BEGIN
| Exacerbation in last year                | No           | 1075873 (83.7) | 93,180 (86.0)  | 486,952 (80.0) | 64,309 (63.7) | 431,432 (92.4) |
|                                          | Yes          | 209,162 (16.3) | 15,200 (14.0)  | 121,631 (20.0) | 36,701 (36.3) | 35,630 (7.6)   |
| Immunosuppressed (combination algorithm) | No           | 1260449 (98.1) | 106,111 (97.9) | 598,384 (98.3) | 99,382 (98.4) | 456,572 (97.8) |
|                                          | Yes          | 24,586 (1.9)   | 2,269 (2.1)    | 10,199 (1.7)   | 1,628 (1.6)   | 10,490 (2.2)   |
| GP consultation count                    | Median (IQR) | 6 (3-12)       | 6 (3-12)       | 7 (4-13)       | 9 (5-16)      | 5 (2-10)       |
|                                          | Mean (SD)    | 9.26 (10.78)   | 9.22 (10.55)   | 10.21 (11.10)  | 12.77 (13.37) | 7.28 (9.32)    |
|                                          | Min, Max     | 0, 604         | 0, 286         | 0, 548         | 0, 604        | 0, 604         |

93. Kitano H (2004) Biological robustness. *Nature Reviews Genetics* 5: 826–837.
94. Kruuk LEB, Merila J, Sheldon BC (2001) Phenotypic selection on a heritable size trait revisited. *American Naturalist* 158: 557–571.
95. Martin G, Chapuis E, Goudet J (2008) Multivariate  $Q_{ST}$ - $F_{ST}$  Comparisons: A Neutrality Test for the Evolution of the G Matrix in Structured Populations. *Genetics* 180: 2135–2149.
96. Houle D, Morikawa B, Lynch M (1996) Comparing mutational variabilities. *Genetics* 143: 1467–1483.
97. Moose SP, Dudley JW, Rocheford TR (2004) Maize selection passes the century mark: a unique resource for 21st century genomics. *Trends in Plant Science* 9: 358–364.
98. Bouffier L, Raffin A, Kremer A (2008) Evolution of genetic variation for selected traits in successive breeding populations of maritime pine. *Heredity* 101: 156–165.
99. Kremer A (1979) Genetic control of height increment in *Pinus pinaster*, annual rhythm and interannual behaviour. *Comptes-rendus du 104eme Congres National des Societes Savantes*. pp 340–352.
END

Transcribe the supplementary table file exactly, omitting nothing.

| Exacerbation in last year                | No           | 1075873 (83.7) | 93,180 (86.0)  | 486,952 (80.0) | 64,309 (63.7) | 431,432 (92.4) |
|                                          | Yes          | 209,162 (16.3) | 15,200 (14.0)  | 121,631 (20.0) | 36,701 (36.3) | 35,630 (7.6)   |
| Immunosuppressed (combination algorithm) | No           | 1260449 (98.1) | 106,111 (97.9) | 598,384 (98.3) | 99,382 (98.4) | 456,572 (97.8) |
|                                          | Yes          | 24,586 (1.9)   | 2,269 (2.1)    | 10,199 (1.7)   | 1,628 (1.6)   | 10,490 (2.2)   |
| GP consultation count                    | Median (IQR) | 6 (3-12)       | 6 (3-12)       | 7 (4-13)       | 9 (5-16)      | 5 (2-10)       |
|                                          | Mean (SD)    | 9.26 (10.78)   | 9.22 (10.55)   | 10.21 (11.10)  | 12.77 (13.37) | 7.28 (9.32)    |
|                                          | Min, Max     | 0, 604         | 0, 286         | 0, 548         | 0, 604        | 0, 604         |

93. Kitano H (2004) Biological robustness. *Nature Reviews Genetics* 5: 826–837.
94. Kruuk LEB, Merila J, Sheldon BC (2001) Phenotypic selection on a heritable size trait revisited. *American Naturalist* 158: 557–571.
95. Martin G, Chapuis E, Goudet J (2008) Multivariate  $Q_{ST}$ - $F_{ST}$  Comparisons: A Neutrality Test for the Evolution of the G Matrix in Structured Populations. *Genetics* 180: 2135–2149.
96. Houle D, Morikawa B, Lynch M (1996) Comparing mutational variabilities. *Genetics* 143: 1467–1483.
97. Moose SP, Dudley JW, Rocheford TR (2004) Maize selection passes the century mark: a unique resource for 21st century genomics. *Trends in Plant Science* 9: 358–364.
98. Bouffier L, Raffin A, Kremer A (2008) Evolution of genetic variation for selected traits in successive breeding populations of maritime pine. *Heredity* 101: 156–165.
99. Kremer A (1979) Genetic control of height increment in *Pinus pinaster*, annual rhythm and interannual behaviour. *Comptes-rendus du 104eme Congres National des Societes Savantes*. pp 340–352.